Chapter 16
3 mins to read
841 words

“I want to go away ,” he told Franz. “For a month or so, for as long as I can.”

“Why not, Dick? That was our original arrangement—it was you who insisted on staying. If you and Nicole——”

“I don’t want to go away with Nicole. I want to go away alone. This last thing knocked me sideways—if I get two hours’ sleep in twenty-four, it’s one of Zwingli’s miracles.”

“You wish a real leave of abstinence.”

“The word is ‘absence.’ Look here: if I go to Berlin to the Psychiatric Congress could you manage to keep the peace? For three months she’s been all right and she likes her nurse. My God, you’re the only human being in this world I can ask this of.”

Franz grunted, considering whether or not he could be trusted to think always of his partner’s interest.

In Zurich the next week Dick drove to the airport and took the big plane for Munich. Soaring and roaring into the blue he felt numb, realizing how tired he was. A vast persuasive quiet stole over him, and he abandoned sickness to the sick, sound to the motors, direction to the pilot. He had no intention of attending so much as a single session of the congress—he could imagine it well enough, new pamphlets by Bleuler and the elder Forel that he could much better digest at home, the paper by the American who cured dementia præcox by pulling out his patient’s teeth or cauterizing their tonsils, the half-derisive respect with which this idea would be greeted, for no more reason than that America was such a rich and powerful country. The other delegates from America—red-headed Schwartz with his saint’s face and his infinite patience in straddling two worlds, as well as dozens of commercial alienists with hang-dog faces, who would be present partly to increase their standing, and hence their reach for the big plums of the criminal practice, partly to master novel sophistries that they could weave into their stock in trade, to the infinite confusion of all values. There would be cynical Latins, and some man of Freud’s from Vienna. Articulate among them would be the great Jung, bland, super-vigorous, on his rounds between the forests of anthropology and the neuroses of school-boys. At first there would be an American cast to the congress, almost Rotarian in its forms and ceremonies, then the closer-knit European vitality would fight through, and finally the Americans would play their trump card, the announcement of colossal gifts and endowments, of great new plants and training schools, and in the presence of the figures the Europeans would blanch and walk timidly. But he would not be there to see.

They skirted the Vorarlberg Alps, and Dick felt a pastoral delight in watching the villages. There were always four or five in sight, each one gathered around a church. It was simple looking at the earth from far off, simple as playing grim games with dolls and soldiers. This was the way statesmen and commanders and all retired people looked at things. Anyhow, it was a good draft of relief.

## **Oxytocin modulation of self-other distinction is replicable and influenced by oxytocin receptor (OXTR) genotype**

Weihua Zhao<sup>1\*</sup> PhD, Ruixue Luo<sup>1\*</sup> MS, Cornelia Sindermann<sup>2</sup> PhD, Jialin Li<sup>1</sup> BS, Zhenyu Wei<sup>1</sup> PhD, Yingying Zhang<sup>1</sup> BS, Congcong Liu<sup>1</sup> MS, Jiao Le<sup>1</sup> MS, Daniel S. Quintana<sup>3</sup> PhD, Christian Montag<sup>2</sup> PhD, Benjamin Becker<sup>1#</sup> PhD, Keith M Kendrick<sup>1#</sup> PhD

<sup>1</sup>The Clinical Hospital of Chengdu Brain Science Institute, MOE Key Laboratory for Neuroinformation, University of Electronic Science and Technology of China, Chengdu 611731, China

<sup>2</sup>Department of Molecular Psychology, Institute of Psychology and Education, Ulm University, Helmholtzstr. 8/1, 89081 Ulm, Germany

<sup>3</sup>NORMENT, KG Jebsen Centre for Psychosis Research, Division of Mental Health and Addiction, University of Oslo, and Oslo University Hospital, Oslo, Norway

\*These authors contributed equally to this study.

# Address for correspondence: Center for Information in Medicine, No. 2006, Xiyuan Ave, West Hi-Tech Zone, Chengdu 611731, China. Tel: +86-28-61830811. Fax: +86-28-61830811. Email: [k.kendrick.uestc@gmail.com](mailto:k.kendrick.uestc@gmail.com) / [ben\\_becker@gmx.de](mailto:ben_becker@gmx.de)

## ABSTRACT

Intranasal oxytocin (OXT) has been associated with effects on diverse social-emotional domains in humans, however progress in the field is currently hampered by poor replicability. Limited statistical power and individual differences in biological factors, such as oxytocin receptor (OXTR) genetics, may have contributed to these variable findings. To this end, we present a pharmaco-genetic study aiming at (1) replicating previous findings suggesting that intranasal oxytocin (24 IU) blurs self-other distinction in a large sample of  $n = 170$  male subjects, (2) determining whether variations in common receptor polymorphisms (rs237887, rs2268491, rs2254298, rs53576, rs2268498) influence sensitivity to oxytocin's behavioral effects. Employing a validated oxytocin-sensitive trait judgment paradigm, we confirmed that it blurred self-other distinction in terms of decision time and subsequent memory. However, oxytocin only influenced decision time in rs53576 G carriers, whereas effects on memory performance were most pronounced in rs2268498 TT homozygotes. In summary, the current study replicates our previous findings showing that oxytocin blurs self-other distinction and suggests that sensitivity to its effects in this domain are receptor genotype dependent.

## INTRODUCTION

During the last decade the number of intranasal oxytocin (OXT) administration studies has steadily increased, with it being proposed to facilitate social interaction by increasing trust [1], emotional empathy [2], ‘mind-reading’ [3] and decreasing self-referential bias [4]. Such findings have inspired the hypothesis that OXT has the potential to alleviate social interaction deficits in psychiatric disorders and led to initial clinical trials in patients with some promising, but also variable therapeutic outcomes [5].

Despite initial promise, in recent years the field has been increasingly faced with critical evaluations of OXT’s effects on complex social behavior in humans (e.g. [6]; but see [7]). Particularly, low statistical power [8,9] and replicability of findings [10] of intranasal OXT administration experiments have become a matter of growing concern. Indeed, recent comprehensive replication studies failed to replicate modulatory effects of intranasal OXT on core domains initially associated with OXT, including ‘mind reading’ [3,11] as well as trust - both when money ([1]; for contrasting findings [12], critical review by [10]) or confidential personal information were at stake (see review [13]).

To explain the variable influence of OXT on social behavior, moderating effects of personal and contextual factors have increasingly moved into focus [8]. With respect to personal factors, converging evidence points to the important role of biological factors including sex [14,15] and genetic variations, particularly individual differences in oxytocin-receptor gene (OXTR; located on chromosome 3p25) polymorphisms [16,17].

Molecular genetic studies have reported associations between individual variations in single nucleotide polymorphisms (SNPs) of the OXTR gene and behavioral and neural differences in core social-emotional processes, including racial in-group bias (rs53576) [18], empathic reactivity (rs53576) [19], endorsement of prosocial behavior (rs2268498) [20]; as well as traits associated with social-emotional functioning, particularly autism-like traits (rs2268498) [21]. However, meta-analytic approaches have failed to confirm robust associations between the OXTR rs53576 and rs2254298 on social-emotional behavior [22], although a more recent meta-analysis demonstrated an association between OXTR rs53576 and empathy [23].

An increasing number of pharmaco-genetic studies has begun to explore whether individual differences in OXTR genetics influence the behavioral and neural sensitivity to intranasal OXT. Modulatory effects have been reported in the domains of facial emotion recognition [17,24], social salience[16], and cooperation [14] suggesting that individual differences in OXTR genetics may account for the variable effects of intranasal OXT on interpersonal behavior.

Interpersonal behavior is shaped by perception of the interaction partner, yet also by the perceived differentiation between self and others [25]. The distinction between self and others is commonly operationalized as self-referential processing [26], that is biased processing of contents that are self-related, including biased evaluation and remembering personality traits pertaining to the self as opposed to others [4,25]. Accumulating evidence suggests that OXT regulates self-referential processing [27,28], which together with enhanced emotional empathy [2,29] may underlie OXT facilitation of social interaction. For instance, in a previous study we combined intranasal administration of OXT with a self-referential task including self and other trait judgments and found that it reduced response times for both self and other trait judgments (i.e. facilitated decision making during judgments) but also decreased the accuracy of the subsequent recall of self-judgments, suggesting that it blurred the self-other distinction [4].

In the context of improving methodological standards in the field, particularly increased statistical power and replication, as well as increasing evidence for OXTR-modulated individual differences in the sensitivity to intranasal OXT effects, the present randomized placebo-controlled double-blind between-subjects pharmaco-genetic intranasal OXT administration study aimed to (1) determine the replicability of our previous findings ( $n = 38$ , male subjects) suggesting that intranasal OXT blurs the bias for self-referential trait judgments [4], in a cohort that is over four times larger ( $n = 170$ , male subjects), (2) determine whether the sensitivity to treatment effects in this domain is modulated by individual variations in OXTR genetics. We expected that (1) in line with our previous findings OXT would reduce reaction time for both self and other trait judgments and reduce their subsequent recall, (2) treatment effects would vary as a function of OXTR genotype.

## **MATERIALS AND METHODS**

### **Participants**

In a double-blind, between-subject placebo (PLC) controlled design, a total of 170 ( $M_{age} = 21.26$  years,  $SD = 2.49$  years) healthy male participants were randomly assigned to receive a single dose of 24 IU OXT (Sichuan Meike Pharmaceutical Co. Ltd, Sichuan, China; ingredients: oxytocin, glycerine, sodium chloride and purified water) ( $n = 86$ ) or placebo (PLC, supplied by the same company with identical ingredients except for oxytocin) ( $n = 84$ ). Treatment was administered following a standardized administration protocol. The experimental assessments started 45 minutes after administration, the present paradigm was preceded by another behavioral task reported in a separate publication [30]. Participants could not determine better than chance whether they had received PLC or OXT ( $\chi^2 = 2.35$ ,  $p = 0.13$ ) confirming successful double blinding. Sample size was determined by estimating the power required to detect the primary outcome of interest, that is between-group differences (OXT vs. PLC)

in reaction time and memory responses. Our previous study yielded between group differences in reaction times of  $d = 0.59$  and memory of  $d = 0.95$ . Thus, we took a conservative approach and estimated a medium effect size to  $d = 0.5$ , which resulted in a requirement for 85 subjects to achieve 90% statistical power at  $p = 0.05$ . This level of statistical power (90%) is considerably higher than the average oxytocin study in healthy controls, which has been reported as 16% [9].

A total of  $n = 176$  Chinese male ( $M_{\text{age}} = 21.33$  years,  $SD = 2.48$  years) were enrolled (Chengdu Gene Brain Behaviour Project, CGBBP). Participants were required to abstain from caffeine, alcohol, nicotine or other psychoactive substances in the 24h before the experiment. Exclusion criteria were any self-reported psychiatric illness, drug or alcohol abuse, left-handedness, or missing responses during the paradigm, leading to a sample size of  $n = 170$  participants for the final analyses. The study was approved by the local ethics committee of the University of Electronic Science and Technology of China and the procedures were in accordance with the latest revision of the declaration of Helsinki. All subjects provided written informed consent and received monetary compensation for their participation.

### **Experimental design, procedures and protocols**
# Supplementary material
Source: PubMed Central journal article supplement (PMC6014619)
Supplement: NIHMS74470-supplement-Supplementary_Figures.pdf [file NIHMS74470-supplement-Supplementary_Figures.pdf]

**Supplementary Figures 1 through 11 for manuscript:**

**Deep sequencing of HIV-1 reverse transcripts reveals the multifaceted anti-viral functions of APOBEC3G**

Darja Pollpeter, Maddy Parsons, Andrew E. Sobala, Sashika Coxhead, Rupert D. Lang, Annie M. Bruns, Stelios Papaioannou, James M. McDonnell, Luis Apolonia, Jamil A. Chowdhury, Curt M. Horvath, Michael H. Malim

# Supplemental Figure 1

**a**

An Englishman spoke to him from across the aisle but he found something antipathetic in the English lately. England was like a rich man after a disastrous orgy who makes up to the household by chatting with them individually, when it is obvious to them that he is only trying to get back his self-respect in order to usurp his former power.

Dick had with him what magazines were available on the station quays: The Century, The Motion Picture, L’Illustration, and the Fliegende Blätter, but it was more fun to descend in his imagination into the villages and shake hands with the rural characters. He sat in the churches as he sat in his father’s church in Buffalo, amid the starchy must of Sunday clothes. He listened to the wisdom of the Near East, was Crucified, Died, and was Buried in the cheerful church, and once more worried between five or ten cents for the collection plate, because of the girl who sat in the pew behind.

The Englishman suddenly borrowed his magazines with a little small change of conversation, and Dick, glad to see them go, thought of the voyage ahead of him. Wolf-like under his sheep’s clothing of long-staple Australian wool, he considered the world of pleasure—the incorruptible Mediterranean with sweet old dirt caked in the olive trees, the peasant girl near Savona with a face as green and rose as the color of an illuminated missal. He would take her in his hands and snatch her across the border . . .

. . . but there he deserted her—he must press on toward the Isles of Greece, the cloudy waters of unfamiliar ports, the lost girl on shore, the moon of popular songs. A part of Dick’s mind was made up of the tawdry souvenirs of his boyhood. Yet in that somewhat littered Five-and-Ten, he had managed to keep alive the low painful fire of intelligence.

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Chapter 17
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1399 words
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